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Saturday, May 18, 2024
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Compact Video Gear Makes Waves With Navy

BAE Systems employees in Rancho Bernardo and Point Loma have caught the attention of intelligence specialists who serve aboard the smaller classes of U.S. Navy ships.

They did it with electronics: a prototype system called ICOP.

The electronic gear was a hit during the Trident Warrior exercises of 2011 and 2012, reported Jon Dorn, vice president for business development for BAE’s Intelligence & Security business.

“We need these on board our ship now,” intelligence officers reportedly told BAE employees.

ICOP stands for Intelligence Carry-On Program, but this carry-on is probably heavier than anything an executive would take aboard a commercial jet.

It’s meant to be a cost-effective solution for intelligence officers to lug aboard cruisers or destroyers.

On the show floor of West 2013, the yearly defense conference at the San Diego Convention Center, BAE representative Jeff Dunlap showed the ICOP in action, displaying maps of the Korean peninsula as well as other hot spots. (AFCEA International, aka the Armed Forces Communications and Electronics Association, and the U.S. Naval Institute co-sponsor the conference.)

The unit looks like a small suitcase but it weighs 40 pounds. It expands into three large video displays, lined up end-to-end. These can show military maps synched up with Google Earth, and can display the geography in three dimensions. The 3-D map can pinpoint the location of an aircraft — and which way that aircraft is pointed — from whatever point of view the intelligence officer wants to view the scene.

Specially equipped ICOP units can pull up windows to show full-motion video, such as that gathered by aerial drones or ships.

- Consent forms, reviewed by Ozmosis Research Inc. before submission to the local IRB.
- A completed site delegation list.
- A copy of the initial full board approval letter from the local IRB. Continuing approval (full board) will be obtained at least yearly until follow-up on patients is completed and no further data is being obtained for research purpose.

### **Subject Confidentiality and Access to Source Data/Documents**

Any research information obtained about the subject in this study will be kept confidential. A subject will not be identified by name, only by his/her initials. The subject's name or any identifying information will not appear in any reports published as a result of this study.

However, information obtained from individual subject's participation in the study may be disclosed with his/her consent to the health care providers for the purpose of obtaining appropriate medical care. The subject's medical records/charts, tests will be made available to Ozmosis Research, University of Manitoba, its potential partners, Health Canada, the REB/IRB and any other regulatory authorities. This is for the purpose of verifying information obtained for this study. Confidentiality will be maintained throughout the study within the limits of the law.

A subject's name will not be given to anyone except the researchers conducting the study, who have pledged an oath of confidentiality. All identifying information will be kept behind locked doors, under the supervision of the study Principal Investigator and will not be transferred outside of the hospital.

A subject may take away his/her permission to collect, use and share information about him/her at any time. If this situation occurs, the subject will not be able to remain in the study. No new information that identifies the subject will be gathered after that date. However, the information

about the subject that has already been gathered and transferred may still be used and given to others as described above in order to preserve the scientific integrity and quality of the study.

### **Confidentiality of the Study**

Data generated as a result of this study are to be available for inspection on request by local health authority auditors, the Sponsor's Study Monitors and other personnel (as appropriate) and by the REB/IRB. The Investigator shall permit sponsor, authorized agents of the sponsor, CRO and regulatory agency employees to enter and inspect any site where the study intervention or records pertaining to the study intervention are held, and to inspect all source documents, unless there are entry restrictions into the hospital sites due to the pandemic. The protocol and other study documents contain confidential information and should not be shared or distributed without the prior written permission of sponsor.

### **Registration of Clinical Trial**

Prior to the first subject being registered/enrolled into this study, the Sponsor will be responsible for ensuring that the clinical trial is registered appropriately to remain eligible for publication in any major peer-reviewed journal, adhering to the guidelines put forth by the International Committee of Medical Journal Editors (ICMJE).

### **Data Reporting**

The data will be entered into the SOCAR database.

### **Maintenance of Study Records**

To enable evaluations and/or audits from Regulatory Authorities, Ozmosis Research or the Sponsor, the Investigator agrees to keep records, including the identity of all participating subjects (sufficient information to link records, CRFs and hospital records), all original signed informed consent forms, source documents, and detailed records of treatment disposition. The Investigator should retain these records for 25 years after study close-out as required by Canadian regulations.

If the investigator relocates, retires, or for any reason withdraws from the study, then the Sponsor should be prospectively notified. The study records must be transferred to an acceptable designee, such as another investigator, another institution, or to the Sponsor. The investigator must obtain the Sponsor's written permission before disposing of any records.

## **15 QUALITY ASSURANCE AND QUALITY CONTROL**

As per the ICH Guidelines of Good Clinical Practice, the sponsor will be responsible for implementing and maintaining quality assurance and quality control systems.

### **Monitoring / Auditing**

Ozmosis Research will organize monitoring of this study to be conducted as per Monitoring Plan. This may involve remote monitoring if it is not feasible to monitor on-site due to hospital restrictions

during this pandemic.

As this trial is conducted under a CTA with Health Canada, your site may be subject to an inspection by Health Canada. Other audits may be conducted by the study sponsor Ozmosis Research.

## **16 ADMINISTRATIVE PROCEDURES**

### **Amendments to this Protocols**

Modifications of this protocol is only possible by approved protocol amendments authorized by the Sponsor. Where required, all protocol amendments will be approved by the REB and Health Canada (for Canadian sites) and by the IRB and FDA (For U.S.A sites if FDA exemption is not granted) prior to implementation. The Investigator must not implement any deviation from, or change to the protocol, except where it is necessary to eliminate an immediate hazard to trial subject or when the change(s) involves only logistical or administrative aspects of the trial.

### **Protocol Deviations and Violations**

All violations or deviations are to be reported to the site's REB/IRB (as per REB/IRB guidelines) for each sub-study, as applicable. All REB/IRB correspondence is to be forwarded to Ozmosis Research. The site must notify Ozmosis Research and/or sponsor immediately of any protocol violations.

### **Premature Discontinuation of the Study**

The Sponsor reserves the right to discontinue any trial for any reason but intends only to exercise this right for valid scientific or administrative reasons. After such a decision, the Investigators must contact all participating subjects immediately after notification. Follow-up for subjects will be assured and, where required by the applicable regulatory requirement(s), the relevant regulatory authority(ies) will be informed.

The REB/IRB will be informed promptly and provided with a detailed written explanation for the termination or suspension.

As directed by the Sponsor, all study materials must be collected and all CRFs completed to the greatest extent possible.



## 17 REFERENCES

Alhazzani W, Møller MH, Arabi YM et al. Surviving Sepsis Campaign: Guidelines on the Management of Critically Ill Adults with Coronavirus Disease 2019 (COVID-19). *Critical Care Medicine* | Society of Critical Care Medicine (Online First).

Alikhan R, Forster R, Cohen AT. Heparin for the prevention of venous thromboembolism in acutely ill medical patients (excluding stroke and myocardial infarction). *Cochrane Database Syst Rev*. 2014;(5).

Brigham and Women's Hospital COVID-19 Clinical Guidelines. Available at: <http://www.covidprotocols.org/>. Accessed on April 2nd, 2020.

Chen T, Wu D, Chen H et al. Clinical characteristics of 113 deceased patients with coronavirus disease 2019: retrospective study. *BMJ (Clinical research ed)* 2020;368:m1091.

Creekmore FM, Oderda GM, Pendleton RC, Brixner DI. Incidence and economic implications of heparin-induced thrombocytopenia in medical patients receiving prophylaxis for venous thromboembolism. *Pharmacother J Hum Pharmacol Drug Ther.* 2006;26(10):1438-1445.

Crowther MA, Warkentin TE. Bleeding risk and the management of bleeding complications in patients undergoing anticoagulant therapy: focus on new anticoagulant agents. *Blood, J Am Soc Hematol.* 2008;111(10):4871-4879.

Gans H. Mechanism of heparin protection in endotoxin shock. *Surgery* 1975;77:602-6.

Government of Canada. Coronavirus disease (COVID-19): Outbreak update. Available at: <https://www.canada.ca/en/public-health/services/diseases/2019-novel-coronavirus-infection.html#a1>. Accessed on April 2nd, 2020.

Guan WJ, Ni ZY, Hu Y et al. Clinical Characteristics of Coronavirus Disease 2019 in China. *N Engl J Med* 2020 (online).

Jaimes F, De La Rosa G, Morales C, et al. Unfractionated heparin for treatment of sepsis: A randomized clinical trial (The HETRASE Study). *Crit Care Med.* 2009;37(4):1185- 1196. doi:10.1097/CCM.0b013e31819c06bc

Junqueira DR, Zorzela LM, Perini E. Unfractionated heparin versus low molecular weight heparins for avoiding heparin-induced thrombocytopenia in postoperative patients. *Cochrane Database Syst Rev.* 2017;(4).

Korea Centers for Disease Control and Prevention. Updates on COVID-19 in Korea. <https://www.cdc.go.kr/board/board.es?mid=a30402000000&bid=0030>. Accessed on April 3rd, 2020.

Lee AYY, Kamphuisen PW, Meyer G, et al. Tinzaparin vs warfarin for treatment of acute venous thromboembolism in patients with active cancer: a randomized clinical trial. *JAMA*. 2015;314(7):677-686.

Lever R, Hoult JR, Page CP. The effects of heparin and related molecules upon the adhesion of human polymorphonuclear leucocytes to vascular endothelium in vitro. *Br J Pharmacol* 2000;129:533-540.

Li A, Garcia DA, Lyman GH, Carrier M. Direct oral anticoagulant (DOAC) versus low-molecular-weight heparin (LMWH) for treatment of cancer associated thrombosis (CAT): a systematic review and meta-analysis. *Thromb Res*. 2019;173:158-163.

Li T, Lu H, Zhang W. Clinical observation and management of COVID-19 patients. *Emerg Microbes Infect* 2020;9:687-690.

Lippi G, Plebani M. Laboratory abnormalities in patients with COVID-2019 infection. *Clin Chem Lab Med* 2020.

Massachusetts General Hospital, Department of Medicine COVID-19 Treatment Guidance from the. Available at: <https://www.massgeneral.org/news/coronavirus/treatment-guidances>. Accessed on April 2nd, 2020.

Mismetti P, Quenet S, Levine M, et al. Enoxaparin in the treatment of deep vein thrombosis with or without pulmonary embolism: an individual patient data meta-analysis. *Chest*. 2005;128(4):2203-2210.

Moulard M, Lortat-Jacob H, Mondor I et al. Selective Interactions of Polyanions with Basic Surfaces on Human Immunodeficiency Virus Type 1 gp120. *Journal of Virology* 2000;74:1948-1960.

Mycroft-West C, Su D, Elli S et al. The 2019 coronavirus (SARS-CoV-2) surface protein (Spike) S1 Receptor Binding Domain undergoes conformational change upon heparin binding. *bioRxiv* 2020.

Enhanced Intelligence

The point is to keep track of the bad guys and watch over the battle space.

ICOP is a far cry from the laptop computer which intelligence specialists use now, Dunlap said.

The unit is only a prototype, which BAE produced under a $72 million contract, Dorn said.

BAE wants production work, but to get it, the U.K.-based company will have to compete against other military electronics builders.

The Pentagon may open bidding for the production contract in 2014. It depends on the state of the Pentagon budget, Dorn said.

Dunlap asserted that the electronics can help intelligence officers perform their jobs more efficiently. Consider, for example, an officer looking at an area off Somalia which, historically, has had a lot of pirate activity. Are the pirates out today? The weather overlay feature on the ICOP might tell the officer that there are 12-foot waves, and that conditions are too rough for Somali pirate boats to operate. The intelligence officer can then narrow down his search to something else.

Navy ships have limited communications bandwidth, Dunlap also said, noting the ICOP electronics will adjust to whatever size data pipe is serving the ship at the moment.

BAE says the electronics might be appropriate for the U.S. Coast Guard — or the navies of U.S. allies.

BAE has roughly 4,000 employees in San Diego, counting its ship repair business. Roughly half of the work is in electronics. BAE uses Rancho Bernardo for its line of geospatial exploitation products, known for short as GXP.

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